Mother-tongue teaching advocate criticises plans to revise policy
A staunch advocate of mother-tongue education in Hong Kong has criticised the government for putting forward a 'messy' revision to the medium-of-instruction policy to please parents.
The Reverend David Cheung Chi-kong said the new arrangements would create in-school labelling and do a disservice to students' learning.
Mr Cheung, who served as principal of Carmel Secondary School in Ho Man Tin from the 1960s to 1990, said the new measures were even worse than the controversial decision by the government in 1997 to stream secondary schools into English-medium schools and Chinese-medium ones.
Speaking from California, Mr Cheung said: 'Allowing some schools to operate English-medium classes would unavoidably bring more chaos for school management. Worse, it would create within-school labelling.
'A stigma will also be attached to teachers who teach Chinese-medium and English-medium classes respectively. It would bring no benefit for schools, teachers and students,' he said. 'The policy change is completely a mess.'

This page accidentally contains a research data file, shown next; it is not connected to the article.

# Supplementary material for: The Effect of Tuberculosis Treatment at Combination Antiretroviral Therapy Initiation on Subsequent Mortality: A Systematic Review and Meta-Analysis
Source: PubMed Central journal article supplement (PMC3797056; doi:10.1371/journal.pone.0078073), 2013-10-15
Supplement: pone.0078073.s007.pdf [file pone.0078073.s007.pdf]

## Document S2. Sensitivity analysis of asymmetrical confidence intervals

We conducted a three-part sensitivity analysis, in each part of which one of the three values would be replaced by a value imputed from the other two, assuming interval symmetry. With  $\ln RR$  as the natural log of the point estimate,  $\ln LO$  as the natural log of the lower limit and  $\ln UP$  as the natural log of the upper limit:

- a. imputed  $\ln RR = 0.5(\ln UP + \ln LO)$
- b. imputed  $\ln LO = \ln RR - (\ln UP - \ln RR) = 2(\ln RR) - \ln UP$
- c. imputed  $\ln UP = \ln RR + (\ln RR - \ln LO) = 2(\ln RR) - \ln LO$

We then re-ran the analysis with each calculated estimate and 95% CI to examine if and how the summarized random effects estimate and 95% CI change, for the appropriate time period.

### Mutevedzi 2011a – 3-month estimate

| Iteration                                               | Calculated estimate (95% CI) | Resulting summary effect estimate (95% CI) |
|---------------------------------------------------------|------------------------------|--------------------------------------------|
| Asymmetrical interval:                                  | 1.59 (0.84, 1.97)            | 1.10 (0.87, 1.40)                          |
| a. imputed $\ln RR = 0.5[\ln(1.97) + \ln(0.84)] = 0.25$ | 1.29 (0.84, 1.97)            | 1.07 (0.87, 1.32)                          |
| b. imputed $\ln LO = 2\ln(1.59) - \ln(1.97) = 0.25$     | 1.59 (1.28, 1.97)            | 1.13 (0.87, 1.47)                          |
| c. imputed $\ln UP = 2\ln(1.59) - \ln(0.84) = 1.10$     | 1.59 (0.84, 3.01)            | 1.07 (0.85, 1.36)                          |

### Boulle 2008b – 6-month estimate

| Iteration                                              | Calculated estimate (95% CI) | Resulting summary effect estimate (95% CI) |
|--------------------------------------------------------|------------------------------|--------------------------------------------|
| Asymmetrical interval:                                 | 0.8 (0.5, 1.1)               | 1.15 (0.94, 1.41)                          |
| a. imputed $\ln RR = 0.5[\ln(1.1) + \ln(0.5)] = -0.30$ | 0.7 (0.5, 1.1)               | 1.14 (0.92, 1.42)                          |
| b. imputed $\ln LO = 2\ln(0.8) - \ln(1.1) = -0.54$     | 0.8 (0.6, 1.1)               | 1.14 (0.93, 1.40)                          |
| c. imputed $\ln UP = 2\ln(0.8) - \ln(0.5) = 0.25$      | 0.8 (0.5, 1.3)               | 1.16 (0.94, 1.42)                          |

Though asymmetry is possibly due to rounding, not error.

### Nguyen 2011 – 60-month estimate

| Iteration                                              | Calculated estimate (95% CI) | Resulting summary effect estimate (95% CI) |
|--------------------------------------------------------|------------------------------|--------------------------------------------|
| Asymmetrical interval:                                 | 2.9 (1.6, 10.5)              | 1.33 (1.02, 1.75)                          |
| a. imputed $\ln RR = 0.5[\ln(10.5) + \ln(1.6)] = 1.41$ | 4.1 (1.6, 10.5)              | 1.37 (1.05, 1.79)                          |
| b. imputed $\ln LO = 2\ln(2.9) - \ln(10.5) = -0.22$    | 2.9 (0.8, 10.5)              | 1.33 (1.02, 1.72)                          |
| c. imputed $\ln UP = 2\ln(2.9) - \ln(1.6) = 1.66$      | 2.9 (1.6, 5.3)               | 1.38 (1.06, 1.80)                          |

Mr Cheung, who served as an appointed legislator from 1988 to 1991, was at the forefront of a city-wide campaign in the late 1980s to promote mother-tongue education.
He took a bold move in 1988 when Carmel Secondary School became the first English-medium school to switch to mother-tongue teaching. Due to strong opposition from unconvinced parents and teachers, the school switched back to teaching in English a year later in a huge setback to Mr Cheung, who resigned in 1990.
He then became principal of Pui Ching Middle School, a reputable Chinese-medium school.
He has been a missionary since 1991 and is currently president of the Christian Witness Theological Seminary in Concord, California.
Mr Cheung said the government was trying to please parents who wanted more schools to teach in English.
'The government is playing the 'public opinion card', but the policy change will do a disservice to students' learning,' he said. 'It doesn't make sense to allow students whose proficiency in English is inadequate to learn certain subjects in English.'
He said the government should implement across-the-board mother-tongue teaching from forms one to three, and allow schools to decide which medium to use in higher forms.